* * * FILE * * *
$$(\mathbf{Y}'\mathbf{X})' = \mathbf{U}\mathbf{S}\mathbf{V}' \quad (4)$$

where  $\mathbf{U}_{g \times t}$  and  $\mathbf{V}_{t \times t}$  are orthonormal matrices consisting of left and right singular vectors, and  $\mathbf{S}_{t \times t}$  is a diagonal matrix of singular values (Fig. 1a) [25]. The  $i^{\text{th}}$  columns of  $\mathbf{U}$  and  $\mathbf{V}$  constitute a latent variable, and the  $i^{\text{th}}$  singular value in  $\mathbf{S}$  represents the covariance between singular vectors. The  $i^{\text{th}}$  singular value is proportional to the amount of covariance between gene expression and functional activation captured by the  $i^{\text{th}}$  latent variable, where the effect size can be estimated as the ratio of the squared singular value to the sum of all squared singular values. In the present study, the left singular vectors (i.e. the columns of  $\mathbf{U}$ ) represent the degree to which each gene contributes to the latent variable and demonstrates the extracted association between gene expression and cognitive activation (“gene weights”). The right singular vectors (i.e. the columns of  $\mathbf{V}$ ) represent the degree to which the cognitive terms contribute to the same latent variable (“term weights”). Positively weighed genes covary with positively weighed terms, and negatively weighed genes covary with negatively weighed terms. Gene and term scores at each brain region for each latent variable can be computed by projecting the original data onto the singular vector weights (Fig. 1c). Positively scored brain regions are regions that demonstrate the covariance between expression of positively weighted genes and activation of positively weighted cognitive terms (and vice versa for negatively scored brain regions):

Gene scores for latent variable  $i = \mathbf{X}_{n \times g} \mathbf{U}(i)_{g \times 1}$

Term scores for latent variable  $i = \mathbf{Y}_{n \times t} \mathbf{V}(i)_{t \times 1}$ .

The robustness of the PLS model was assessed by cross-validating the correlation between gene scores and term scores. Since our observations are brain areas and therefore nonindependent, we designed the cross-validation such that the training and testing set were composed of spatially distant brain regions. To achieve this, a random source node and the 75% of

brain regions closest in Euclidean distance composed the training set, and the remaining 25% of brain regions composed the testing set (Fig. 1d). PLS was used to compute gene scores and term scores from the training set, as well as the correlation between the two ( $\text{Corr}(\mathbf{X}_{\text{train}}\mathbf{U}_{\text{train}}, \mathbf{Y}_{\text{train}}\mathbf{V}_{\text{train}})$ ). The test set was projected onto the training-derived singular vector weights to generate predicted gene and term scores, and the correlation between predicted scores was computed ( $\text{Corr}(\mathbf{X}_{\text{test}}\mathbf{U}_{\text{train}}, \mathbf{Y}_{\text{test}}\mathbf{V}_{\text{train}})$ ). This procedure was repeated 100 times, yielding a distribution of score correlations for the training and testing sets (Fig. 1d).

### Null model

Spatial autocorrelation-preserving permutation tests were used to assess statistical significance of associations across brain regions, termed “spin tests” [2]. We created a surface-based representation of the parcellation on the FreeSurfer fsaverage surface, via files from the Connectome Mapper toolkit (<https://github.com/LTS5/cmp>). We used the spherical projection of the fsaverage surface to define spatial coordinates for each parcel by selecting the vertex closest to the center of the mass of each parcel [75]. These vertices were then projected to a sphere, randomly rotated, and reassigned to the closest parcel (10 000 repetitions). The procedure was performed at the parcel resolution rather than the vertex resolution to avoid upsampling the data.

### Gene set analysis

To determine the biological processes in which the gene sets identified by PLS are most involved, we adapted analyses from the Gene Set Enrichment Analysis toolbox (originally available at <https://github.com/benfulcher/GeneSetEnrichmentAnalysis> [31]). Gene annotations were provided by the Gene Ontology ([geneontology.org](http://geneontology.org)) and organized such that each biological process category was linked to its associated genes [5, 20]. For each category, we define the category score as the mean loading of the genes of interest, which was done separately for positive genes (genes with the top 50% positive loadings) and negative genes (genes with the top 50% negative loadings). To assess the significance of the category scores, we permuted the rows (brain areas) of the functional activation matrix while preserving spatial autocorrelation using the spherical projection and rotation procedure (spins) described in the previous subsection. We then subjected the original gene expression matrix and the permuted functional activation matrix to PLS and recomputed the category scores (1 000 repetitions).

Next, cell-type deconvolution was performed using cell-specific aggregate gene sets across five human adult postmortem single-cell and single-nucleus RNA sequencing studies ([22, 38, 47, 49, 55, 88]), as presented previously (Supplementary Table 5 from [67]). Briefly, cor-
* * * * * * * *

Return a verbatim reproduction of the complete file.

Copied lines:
$$(\mathbf{Y}'\mathbf{X})' = \mathbf{U}\mathbf{S}\mathbf{V}' \quad (4)$$

where  $\mathbf{U}_{g \times t}$  and  $\mathbf{V}_{t \times t}$  are orthonormal matrices consisting of left and right singular vectors, and  $\mathbf{S}_{t \times t}$  is a diagonal matrix of singular values (Fig. 1a) [25]. The  $i^{\text{th}}$  columns of  $\mathbf{U}$  and  $\mathbf{V}$  constitute a latent variable, and the  $i^{\text{th}}$  singular value in  $\mathbf{S}$  represents the covariance between singular vectors. The  $i^{\text{th}}$  singular value is proportional to the amount of covariance between gene expression and functional activation captured by the  $i^{\text{th}}$  latent variable, where the effect size can be estimated as the ratio of the squared singular value to the sum of all squared singular values. In the present study, the left singular vectors (i.e. the columns of  $\mathbf{U}$ ) represent the degree to which each gene contributes to the latent variable and demonstrates the extracted association between gene expression and cognitive activation (“gene weights”). The right singular vectors (i.e. the columns of  $\mathbf{V}$ ) represent the degree to which the cognitive terms contribute to the same latent variable (“term weights”). Positively weighed genes covary with positively weighed terms, and negatively weighed genes covary with negatively weighed terms. Gene and term scores at each brain region for each latent variable can be computed by projecting the original data onto the singular vector weights (Fig. 1c). Positively scored brain regions are regions that demonstrate the covariance between expression of positively weighted genes and activation of positively weighted cognitive terms (and vice versa for negatively scored brain regions):

Gene scores for latent variable  $i = \mathbf{X}_{n \times g} \mathbf{U}(i)_{g \times 1}$

Term scores for latent variable  $i = \mathbf{Y}_{n \times t} \mathbf{V}(i)_{t \times 1}$ .

The robustness of the PLS model was assessed by cross-validating the correlation between gene scores and term scores. Since our observations are brain areas and therefore nonindependent, we designed the cross-validation such that the training and testing set were composed of spatially distant brain regions. To achieve this, a random source node and the 75% of

brain regions closest in Euclidean distance composed the training set, and the remaining 25% of brain regions composed the testing set (Fig. 1d). PLS was used to compute gene scores and term scores from the training set, as well as the correlation between the two ( $\text{Corr}(\mathbf{X}_{\text{train}}\mathbf{U}_{\text{train}}, \mathbf{Y}_{\text{train}}\mathbf{V}_{\text{train}})$ ). The test set was projected onto the training-derived singular vector weights to generate predicted gene and term scores, and the correlation between predicted scores was computed ( $\text{Corr}(\mathbf{X}_{\text{test}}\mathbf{U}_{\text{train}}, \mathbf{Y}_{\text{test}}\mathbf{V}_{\text{train}})$ ). This procedure was repeated 100 times, yielding a distribution of score correlations for the training and testing sets (Fig. 1d).

### Null model

Spatial autocorrelation-preserving permutation tests were used to assess statistical significance of associations across brain regions, termed “spin tests” [2]. We created a surface-based representation of the parcellation on the FreeSurfer fsaverage surface, via files from the Connectome Mapper toolkit (<https://github.com/LTS5/cmp>). We used the spherical projection of the fsaverage surface to define spatial coordinates for each parcel by selecting the vertex closest to the center of the mass of each parcel [75]. These vertices were then projected to a sphere, randomly rotated, and reassigned to the closest parcel (10 000 repetitions). The procedure was performed at the parcel resolution rather than the vertex resolution to avoid upsampling the data.

### Gene set analysis

To determine the biological processes in which the gene sets identified by PLS are most involved, we adapted analyses from the Gene Set Enrichment Analysis toolbox (originally available at <https://github.com/benfulcher/GeneSetEnrichmentAnalysis> [31]). Gene annotations were provided by the Gene Ontology ([geneontology.org](http://geneontology.org)) and organized such that each biological process category was linked to its associated genes [5, 20]. For each category, we define the category score as the mean loading of the genes of interest, which was done separately for positive genes (genes with the top 50% positive loadings) and negative genes (genes with the top 50% negative loadings). To assess the significance of the category scores, we permuted the rows (brain areas) of the functional activation matrix while preserving spatial autocorrelation using the spherical projection and rotation procedure (spins) described in the previous subsection. We then subjected the original gene expression matrix and the permuted functional activation matrix to PLS and recomputed the category scores (1 000 repetitions).

Next, cell-type deconvolution was performed using cell-specific aggregate gene sets across five human adult postmortem single-cell and single-nucleus RNA sequencing studies ([22, 38, 47, 49, 55, 88]), as presented previously (Supplementary Table 5 from [67]). Briefly, cor-